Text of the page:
There’s just one thing. We’re motorcyclists. By definition we don’t follow what society has determined to be “doing it right.” If we concerned ourselves with the right way of others, we would be driving around in messy minivans or silly SUVs. I expanded on that idea: If a motorcyclist doesn’t follow convention than why should his riding? I knew what the Breakout was meant for, but I wanted more. How could we discover what a motorcycle was really capable of without pushing the limits? “Life begins at the end of your comfort zone.” – Neale Donald Walsch. This time I decided to take the Breakout outside of its comfort zone and its “Urban Prowler” designation…
What exactly does prowling mean, anyway?
Imagine you didn’t know you were reading a Breakout review. Imagine you just saw this piece of paper and had to pick a type of motorcycle:
“Urban Prowler” probably wouldn’t be your first guess, but some kind of bagger or touring bike might. It was time to jump on the Breakout and get out of town.
First I needed to make a little pit stop. Fullbore Marketing was hooking me up with an Arai piece that I desperately needed for my beloved red and white helmet. I rode down to Studio Cycle Group in Toronto where Dave, Steve, and Jasen have always been infinitely resourceful. One by one they came out to see the shiny red Harley-Davidson parked out front. It’s a bit of a head turner. The guys gave the finish a thumbs up, fixed my Arai issue, and I was on my way.
My next destination was another set of friends from the motorcycle industry. In addition to writing my favourite motorcycle magazine, Motorcycle Mojo has always been very good to me. These are the real, passionate type of motorcyclists. The ones who would make a U-Turn on the highway to help a motorcyclist on the side of the road. In the current month’s issue Mojo had just reviewed the Breakout at Harley-Davidson’s model launch in the United States. It was about time I ride up to Barrie to say hi.
That’s when I was faced with the downside of the drag bar. I weigh about 140 lbs., maybe a little more dripping wet, but it wasn’t raining. Harley doesn’t list the specs, but that drag bar is wide. The Breakout’s speedometer cluster is designed to be level with and tucked beneath the handlebar in order to give the motorcycle that much more of a sleek, sexy look. The problem is that when you find yourself on the highway you have absolutely nothing in the way of cover. I would’ve welcomed even an erect speedometer à la Sportster. No luck.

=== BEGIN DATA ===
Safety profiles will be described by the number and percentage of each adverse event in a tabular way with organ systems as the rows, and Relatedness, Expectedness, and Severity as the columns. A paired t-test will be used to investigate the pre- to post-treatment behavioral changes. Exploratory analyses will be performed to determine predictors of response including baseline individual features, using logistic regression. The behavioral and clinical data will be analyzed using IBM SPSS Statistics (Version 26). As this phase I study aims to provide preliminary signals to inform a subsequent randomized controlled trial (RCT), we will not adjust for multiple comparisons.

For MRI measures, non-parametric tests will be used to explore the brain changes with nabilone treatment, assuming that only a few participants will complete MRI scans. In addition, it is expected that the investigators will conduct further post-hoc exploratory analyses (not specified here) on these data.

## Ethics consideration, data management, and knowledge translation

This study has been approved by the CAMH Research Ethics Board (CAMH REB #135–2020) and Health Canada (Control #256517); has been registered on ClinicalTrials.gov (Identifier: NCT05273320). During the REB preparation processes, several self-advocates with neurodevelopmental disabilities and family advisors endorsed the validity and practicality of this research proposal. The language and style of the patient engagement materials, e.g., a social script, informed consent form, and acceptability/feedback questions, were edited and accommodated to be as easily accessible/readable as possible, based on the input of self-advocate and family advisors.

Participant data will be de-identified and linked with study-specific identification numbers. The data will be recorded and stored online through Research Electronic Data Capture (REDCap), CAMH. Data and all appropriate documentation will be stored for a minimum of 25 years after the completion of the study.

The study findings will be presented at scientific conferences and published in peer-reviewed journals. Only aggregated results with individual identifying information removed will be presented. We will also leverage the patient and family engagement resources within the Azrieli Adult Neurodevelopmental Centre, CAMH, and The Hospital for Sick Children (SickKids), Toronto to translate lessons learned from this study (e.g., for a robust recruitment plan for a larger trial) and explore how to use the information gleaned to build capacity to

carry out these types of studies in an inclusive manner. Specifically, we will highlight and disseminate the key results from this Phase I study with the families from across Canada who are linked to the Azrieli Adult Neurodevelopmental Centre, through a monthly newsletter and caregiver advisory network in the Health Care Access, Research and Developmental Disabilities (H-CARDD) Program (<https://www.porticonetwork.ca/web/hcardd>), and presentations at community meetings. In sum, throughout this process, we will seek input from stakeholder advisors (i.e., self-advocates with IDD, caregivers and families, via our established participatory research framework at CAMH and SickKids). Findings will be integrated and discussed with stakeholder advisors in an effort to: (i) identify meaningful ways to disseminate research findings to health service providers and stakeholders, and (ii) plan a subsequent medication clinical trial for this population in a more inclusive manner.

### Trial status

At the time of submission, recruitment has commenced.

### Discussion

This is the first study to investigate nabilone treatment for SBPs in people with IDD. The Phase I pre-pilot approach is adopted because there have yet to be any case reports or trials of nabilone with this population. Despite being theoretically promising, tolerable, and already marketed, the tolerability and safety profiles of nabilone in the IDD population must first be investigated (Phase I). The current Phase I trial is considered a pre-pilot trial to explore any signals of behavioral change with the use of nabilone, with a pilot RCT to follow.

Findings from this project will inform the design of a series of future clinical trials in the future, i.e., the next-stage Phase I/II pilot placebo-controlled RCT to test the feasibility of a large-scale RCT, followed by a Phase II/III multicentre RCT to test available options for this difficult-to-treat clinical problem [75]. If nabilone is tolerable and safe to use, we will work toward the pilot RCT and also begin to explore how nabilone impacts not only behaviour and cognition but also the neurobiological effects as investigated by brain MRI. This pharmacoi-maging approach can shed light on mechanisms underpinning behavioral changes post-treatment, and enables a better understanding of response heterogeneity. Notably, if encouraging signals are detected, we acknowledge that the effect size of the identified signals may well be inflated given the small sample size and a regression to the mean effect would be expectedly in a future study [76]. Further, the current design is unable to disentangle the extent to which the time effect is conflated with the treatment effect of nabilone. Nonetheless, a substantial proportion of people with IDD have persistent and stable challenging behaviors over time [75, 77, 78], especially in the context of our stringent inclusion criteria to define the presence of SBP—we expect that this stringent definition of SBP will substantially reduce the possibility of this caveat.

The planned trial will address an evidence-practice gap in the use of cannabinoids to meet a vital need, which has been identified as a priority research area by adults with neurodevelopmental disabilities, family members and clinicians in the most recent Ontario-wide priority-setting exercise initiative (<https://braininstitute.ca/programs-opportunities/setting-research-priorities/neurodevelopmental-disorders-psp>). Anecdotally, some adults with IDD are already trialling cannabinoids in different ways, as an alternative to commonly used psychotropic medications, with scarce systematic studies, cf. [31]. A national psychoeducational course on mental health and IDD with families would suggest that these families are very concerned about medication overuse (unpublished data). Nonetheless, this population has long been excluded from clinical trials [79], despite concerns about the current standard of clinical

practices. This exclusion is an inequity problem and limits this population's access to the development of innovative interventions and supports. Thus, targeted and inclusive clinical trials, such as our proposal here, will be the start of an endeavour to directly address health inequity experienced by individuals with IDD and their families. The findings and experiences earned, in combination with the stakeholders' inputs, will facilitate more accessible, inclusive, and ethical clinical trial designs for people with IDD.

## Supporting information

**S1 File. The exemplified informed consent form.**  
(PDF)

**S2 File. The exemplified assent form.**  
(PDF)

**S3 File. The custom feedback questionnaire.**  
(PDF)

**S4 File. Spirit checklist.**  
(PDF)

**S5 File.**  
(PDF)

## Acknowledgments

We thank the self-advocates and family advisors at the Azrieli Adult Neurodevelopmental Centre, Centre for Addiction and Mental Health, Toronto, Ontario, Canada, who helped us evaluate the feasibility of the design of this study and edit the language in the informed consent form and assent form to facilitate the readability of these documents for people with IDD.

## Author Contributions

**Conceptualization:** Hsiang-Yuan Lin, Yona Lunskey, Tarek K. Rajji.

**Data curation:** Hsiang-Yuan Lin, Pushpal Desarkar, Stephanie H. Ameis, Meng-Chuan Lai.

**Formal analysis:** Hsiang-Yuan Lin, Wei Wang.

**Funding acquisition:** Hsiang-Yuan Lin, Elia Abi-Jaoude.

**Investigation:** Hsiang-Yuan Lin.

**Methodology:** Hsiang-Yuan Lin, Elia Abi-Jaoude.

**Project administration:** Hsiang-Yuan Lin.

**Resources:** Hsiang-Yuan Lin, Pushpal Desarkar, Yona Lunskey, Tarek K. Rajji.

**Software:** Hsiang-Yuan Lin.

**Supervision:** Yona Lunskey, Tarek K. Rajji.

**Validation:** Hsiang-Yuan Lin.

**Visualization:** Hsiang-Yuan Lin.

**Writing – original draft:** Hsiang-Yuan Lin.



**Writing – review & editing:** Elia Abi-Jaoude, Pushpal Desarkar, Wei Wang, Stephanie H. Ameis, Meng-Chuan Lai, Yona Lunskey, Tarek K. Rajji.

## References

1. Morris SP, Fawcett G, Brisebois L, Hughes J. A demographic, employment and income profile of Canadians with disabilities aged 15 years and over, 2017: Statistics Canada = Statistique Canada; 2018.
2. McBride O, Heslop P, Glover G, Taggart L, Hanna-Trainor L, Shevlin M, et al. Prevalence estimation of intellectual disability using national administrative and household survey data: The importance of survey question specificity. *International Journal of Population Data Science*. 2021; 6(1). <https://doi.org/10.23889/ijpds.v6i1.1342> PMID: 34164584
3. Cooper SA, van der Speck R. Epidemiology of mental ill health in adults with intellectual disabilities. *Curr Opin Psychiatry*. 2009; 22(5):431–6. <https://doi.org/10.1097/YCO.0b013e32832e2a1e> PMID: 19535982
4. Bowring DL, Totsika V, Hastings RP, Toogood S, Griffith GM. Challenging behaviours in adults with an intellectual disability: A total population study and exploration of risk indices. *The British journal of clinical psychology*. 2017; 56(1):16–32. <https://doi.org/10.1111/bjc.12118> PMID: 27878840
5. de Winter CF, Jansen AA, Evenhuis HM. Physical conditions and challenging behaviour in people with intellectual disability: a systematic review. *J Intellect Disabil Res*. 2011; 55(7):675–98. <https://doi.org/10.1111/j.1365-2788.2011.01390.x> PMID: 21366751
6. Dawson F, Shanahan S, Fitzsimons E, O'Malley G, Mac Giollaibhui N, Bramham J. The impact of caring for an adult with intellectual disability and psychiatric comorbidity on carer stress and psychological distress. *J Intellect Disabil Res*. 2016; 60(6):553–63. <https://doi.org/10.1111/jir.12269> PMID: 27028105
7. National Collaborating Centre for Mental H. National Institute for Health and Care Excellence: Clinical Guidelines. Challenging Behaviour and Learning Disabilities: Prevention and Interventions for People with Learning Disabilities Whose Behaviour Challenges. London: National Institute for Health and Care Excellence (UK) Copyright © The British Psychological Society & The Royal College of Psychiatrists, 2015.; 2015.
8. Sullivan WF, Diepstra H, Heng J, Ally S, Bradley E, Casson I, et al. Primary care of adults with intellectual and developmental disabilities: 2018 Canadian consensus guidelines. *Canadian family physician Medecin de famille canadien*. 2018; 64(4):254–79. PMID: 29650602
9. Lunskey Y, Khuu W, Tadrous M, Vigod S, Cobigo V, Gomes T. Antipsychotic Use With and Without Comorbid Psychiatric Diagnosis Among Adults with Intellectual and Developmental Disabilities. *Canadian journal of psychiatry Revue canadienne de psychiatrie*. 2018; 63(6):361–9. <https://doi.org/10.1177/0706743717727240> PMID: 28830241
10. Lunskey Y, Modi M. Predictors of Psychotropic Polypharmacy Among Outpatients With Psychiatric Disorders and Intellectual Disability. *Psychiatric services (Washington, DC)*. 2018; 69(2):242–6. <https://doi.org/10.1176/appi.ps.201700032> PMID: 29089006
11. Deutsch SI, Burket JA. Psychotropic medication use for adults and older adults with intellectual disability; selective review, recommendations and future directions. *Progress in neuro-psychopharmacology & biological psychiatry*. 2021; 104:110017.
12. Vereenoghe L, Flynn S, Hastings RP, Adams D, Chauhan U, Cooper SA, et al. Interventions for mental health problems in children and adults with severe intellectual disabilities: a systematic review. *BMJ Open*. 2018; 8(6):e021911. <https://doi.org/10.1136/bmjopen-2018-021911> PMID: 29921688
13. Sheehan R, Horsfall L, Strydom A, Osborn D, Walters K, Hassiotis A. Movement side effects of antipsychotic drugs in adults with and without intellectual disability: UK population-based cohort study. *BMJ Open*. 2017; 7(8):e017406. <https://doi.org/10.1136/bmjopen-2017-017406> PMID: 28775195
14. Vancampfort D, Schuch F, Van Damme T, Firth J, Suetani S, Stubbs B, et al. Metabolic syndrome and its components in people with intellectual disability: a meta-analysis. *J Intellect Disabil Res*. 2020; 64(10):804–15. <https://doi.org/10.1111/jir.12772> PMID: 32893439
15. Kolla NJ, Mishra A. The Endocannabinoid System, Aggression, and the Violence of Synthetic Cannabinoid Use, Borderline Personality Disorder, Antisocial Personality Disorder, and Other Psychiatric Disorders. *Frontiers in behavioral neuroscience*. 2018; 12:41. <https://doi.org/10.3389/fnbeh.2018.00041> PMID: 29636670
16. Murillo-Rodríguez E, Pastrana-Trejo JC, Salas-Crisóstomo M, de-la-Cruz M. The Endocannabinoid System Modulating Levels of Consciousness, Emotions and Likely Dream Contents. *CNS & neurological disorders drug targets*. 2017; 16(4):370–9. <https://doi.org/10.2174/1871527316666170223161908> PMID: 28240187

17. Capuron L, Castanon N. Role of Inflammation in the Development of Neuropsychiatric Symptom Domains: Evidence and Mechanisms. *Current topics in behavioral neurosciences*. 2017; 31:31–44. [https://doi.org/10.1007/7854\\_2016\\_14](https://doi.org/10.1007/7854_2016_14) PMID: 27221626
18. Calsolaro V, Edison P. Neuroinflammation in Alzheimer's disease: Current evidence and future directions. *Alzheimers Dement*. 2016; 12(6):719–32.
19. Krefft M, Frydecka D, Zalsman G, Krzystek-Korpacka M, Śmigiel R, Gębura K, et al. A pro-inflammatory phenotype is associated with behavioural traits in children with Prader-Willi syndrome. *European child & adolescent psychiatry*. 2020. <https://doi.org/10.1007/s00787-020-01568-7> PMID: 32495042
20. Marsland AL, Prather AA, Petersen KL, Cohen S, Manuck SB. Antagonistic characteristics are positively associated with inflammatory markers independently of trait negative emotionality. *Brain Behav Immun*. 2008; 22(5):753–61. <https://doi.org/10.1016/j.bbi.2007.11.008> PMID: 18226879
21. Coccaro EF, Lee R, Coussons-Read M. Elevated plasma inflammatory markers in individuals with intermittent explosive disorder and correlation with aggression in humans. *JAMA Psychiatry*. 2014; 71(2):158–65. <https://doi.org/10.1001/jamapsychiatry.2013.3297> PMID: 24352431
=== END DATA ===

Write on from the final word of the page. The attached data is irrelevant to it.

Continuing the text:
I generally prefer a windscreen-less motorcycle but I was facing a strong headwind. The Breakout was not being blown around nor did it show any sign of slowing down. In fact this Harley-Davidson seemed impervious to wind gusts coming from any direction. The extra weight and the gobs of torque worked well.
As for the 140 lbs. rider, well, I was squeezing the grips with my hands and the tank with my knees a little harder than I like to. Eventually I swallowed my pride, tucked my tail between my legs, and scraped pegs along the ramp off of the highway. That reminds me, the Breakout’s lean angle, right and left, is 23.4 degrees. For a cruiser, that’s not bad!
I rode north to the very end of Jane St. and looked behind me. Mostly known for the intersection of Jane and Shepperd where violence and murder is far too common, Jane St. actually has a charming history and cultural significance that’s often overlooked and forgotten. At the turn of the 20th century a real estate developer was naming streets after his family members, but the largest and longest of all of his streets he named after his cherished wife, Jane. Almost a century later, the Barenaked Ladies, a Toronto band of international fame, would write a Canadian classic single about a girl with a dazzling smile, sweet Jane St. Clair, named after the intersection of Jane & St. Clair. From 60 km north of the city, the view from Tornado Dr., where Jane finally ends, was wonderful.
The Breakout was as happy as a pig in mud in the agricultural world. I did hit one road which suddenly turned to gravel and I slowed down so as to save Harley-Davidson Canada any unnecessary little dings from flying debris. Though the $20,000 Breakout has no business on gravel roads, with a 240 mm rear tire it feels as steady as anything I’ve ever rode over rock on.
As the tractors became a distant memory and we entered suburbia the Breakout began beaming with pride. Roads with multiple wide lanes and little traffic was the perfect place to roll on the throttle, zip from lane to lane to pass, and let loose. When we did hit a red light people were staring.
When I arrived at the Motorcycle Mojo headquarters everything in the office just made sense. It was high tech top to bottom, but still sprinkled with motorcycle magic and nostalgia in every room. Out front, like at Studio Cycle, the Harley’s paint was one of the first things mentioned.
The Mojo crew recommended I check out a restaurant called Puck’N’Pizza. Say it out loud. The food was Puck’N delicious. My cell phone’s battery was nearly spent from sharing my adventure on Facebook and Twitter all day. The blonde waitress kindly charged it for me and was tipped accordingly. Always remember karma when out on two wheels.
A headwind when you’re leaving home is often a tail wind on your return. With the wind at our back the Breakout and I flew back into the city. I felt no wanting for more speed or torque, not in province that suspends the license and tows the vehicle of anyone driving 50 km/hr over the limit. A small fly screen wind shield would have been welcome though.
Back in the city I called up the illustrious “G” for an impromptu photo shoot and some slushies. Friends, motorcycles, riding, and taking pictures of a bendy girl who’s way too pretty to be hanging out with you, it was a perfect summer day.